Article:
Outsourcing goes high-tech: Startup Airtasker experiments with Google Glass

- May 22, 2014 3 MIN READ

Outsourcing startup Airtasker is currently experimenting with Google Glass in an effort to take outsourcing to the next level.

Since its inception in February 2012, Airtasker has championed the ‘task economy’ by connecting businesses and individuals seeking help with everyday tasks and errands with those who’d like to earn extra cash easily. Users are able to tap into a hyperlocal network of skills, abilities and experience to get tasks such as office administration, dry-cleaning, deliveries and everything in between, done and dusted.

Today, Airtasker announced its plan to expand into the Google Glass realm. Co-Founder of Airtasker, Tim Fung, believes wearable technologies are the next frontier for consumer devices, and so he is conscious of keeping up-to-pace with emerging trends.

A 2013 study titled ‘The Human Cloud: Wearable Technology from Novelty to Productivity’ commissioned by Rackspace revealed that 35 percent of Australians have used wearable technology such as health and fitness monitors, smart glasses, watches, clothing, or cameras, ahead of 18 percent in the UK and US; and 64 percent of these believe these cloud-powered devices have enhanced their lives.

It is no mystery that the consumer landscape is constantly evolving, putting pressure on businesses to innovate quickly.

“We’re constantly thinking about what’s going to disrupt us next. We’re nervous entrepreneurs. We are always looking for the new frontier; and for us, that has been Google Glass and wearable technology. We’re also looking into drones and robotics because it’s very likely that jobs like deliveries and photography will be done by robots in the future,” says Fung.

So how will the Airtasker Google Glass app work? Aside from the ease of posting a job on Airtasker by merely speaking to the Google Glass, there are two elements to the app that are particularly interesting. Firstly, trust and safety will be an important guiding principle for the engineers at Airtasker.

For instance, a user may hire someone who is verified on the Airtasker platform, but a different person shows up to their house. In such a scenario, the user will be able to match the person standing at their door with the one they hired on Airtasker, using the app’s facial recognition feature. The Google Glass app will be able to detect who’s legitimate by matching their facial features to the ‘runners’ on Airtasker’s database.  


The other purpose of the Airtasker Google Glass app is to drastically reduce the time it takes to get jobs done. Fung says that currently, 93 percent of jobs on Airtasker are completed within one working day. With the app, they are hoping to cut that down to a meagre 5 or 10 minutes. They’ve built a job feed into the Google Glass app, so when workers are within the locality of a task, the app will be able to recognise that via GPS, and feed that person relevant jobs so they can pick it up very quickly.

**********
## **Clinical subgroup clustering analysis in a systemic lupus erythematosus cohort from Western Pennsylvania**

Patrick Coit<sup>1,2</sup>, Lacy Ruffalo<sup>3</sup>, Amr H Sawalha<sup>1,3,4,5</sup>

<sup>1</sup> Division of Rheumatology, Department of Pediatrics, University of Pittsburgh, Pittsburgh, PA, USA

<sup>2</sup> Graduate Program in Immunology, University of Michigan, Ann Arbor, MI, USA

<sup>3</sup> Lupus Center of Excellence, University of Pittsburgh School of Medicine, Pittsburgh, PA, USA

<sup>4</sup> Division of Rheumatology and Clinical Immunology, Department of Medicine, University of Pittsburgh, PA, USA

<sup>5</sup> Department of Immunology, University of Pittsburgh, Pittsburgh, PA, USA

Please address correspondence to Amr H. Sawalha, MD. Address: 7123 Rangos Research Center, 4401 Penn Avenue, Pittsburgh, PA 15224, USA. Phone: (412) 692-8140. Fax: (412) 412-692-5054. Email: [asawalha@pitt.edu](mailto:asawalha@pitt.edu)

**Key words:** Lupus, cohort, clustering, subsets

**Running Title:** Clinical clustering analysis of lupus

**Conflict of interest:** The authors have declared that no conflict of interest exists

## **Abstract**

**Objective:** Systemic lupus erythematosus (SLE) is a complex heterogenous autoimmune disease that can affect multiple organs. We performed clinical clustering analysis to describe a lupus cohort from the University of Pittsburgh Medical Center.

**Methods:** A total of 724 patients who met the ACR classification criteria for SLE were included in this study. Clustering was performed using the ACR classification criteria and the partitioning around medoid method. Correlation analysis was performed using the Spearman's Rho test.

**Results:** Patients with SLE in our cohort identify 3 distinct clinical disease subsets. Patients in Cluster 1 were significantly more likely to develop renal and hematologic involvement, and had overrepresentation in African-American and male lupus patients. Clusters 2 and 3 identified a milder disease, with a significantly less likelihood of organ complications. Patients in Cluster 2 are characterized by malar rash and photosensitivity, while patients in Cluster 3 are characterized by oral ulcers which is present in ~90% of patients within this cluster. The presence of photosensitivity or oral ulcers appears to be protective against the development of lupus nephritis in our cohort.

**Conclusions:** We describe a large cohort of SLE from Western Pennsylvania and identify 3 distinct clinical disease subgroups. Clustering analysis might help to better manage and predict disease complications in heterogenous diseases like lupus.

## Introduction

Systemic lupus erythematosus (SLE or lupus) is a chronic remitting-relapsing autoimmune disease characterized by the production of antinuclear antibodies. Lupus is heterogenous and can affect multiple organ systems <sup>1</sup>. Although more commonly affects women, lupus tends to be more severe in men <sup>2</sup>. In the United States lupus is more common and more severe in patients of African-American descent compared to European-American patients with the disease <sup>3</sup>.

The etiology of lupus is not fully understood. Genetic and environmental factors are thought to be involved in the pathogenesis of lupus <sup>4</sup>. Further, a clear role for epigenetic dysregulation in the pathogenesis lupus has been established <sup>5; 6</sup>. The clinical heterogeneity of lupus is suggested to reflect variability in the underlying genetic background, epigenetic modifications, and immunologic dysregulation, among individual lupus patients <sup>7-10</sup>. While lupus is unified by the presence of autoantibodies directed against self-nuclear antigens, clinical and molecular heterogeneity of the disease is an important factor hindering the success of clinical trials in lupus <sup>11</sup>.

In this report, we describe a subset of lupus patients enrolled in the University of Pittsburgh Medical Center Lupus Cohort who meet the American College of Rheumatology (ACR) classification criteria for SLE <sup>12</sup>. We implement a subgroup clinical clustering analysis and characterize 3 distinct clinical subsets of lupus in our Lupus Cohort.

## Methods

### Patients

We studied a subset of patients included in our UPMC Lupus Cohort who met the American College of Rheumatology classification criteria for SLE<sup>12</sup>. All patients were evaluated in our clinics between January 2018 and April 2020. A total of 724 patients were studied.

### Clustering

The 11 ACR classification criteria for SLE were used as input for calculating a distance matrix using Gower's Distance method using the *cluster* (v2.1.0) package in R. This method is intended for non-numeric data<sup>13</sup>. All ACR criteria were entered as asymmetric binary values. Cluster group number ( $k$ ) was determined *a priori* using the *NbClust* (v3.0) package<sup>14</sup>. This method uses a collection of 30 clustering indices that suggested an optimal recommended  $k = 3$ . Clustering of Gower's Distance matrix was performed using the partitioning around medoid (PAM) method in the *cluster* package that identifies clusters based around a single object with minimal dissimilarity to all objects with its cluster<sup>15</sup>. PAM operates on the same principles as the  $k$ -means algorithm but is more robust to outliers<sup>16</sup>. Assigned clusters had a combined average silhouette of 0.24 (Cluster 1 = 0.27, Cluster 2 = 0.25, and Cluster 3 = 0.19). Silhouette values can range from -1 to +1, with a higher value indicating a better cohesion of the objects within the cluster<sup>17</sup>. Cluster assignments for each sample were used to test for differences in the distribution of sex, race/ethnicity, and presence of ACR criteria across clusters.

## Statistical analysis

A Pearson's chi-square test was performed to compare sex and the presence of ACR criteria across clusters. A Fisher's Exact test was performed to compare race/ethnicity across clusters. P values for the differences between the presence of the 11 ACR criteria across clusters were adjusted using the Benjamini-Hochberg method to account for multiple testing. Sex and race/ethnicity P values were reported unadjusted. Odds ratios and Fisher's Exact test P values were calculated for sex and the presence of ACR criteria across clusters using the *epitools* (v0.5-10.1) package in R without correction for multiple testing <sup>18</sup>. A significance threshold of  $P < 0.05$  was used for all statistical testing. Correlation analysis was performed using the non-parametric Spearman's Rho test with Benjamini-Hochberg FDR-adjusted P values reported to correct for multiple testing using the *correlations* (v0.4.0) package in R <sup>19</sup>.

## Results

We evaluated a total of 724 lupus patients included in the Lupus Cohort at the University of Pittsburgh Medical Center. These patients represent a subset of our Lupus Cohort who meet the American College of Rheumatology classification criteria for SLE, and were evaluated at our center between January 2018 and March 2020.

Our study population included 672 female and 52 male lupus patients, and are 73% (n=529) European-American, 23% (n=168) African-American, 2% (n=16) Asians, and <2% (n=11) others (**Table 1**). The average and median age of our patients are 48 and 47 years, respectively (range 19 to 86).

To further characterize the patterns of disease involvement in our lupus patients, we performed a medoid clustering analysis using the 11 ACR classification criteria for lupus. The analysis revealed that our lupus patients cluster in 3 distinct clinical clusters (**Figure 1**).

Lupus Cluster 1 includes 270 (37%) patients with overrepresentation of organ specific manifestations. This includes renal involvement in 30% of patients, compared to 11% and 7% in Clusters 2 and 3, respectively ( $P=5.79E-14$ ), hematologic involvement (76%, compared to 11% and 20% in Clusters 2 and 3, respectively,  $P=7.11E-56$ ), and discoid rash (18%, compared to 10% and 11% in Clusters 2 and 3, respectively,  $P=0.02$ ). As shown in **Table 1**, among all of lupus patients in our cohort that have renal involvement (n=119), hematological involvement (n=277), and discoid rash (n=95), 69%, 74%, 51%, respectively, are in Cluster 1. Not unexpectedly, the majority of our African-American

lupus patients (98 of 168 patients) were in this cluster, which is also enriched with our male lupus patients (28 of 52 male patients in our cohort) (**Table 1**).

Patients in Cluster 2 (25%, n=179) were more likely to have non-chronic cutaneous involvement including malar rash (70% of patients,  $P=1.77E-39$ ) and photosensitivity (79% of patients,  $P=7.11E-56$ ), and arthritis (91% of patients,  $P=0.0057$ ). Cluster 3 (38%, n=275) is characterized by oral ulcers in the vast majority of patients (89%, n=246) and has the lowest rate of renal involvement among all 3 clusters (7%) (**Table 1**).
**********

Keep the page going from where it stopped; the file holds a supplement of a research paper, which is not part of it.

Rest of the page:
Fung paints the following scenario: “You’re on your way to work. A delivery company calls you up and says you need someone to be at home between 1pm and 5pm this afternoon because they will be delivering your parcel. You say, ‘I can’t do that because I’m on my way to work.’ But on your way to work you can post a job via the Google Glass app and have someone wait outside your home to pick up the delivery.”


Fung is cognisant of the fact that Google Glass is yet to saturate the market, but is confident that the technology will become a part of our everyday lives in the future. But would Gen Y really want to be seen in public wearing a Google Glass? Is it cool enough for a self-conscious, fashion-forward generation? Fung points out that what we’re seeing is only the first version of the technology. Version 2 will be better, followed by Version 3 and so on.

“One of our investors is in the Business Ops team at Google. When anyone criticises the design of Google Glass, he just hits them at the back of the head and says ‘look at the first mobile phone, the first mobile phone looked crap. If you were to say mobile phones don’t make sense because mobile phones look crap, you’re an idiot!’ says Fung.

“By that standard Google Glass looks okay, it’s not bad for the first iteration. It probably doesn’t look as cool as it could, but hold your breath for Version 2.”

What about the privacy issues around Google Glass? Fung admits he finds the video recording functionality “a bit creepy”,  but upon further reflection, feels it’s not so different to smartphone cameras.

“If you want to record everything that you ever see, you can do that with a smartphone camera. The Glass is like a smartphone, but at eye level. If you’ve got a problem with it, you’ve got a problem with smartphones,” he says.

Airtasker plans on releasing the Google Glass app within the next 6 to 12 months. Fung says that at the moment, they are focusing on user experience, bringing as much ease as possible to the process of posting and accepting jobs, as well as identity verification.

Featured Image: Jonathan Lui, Co-Founder of Airtasker. Source: Provided.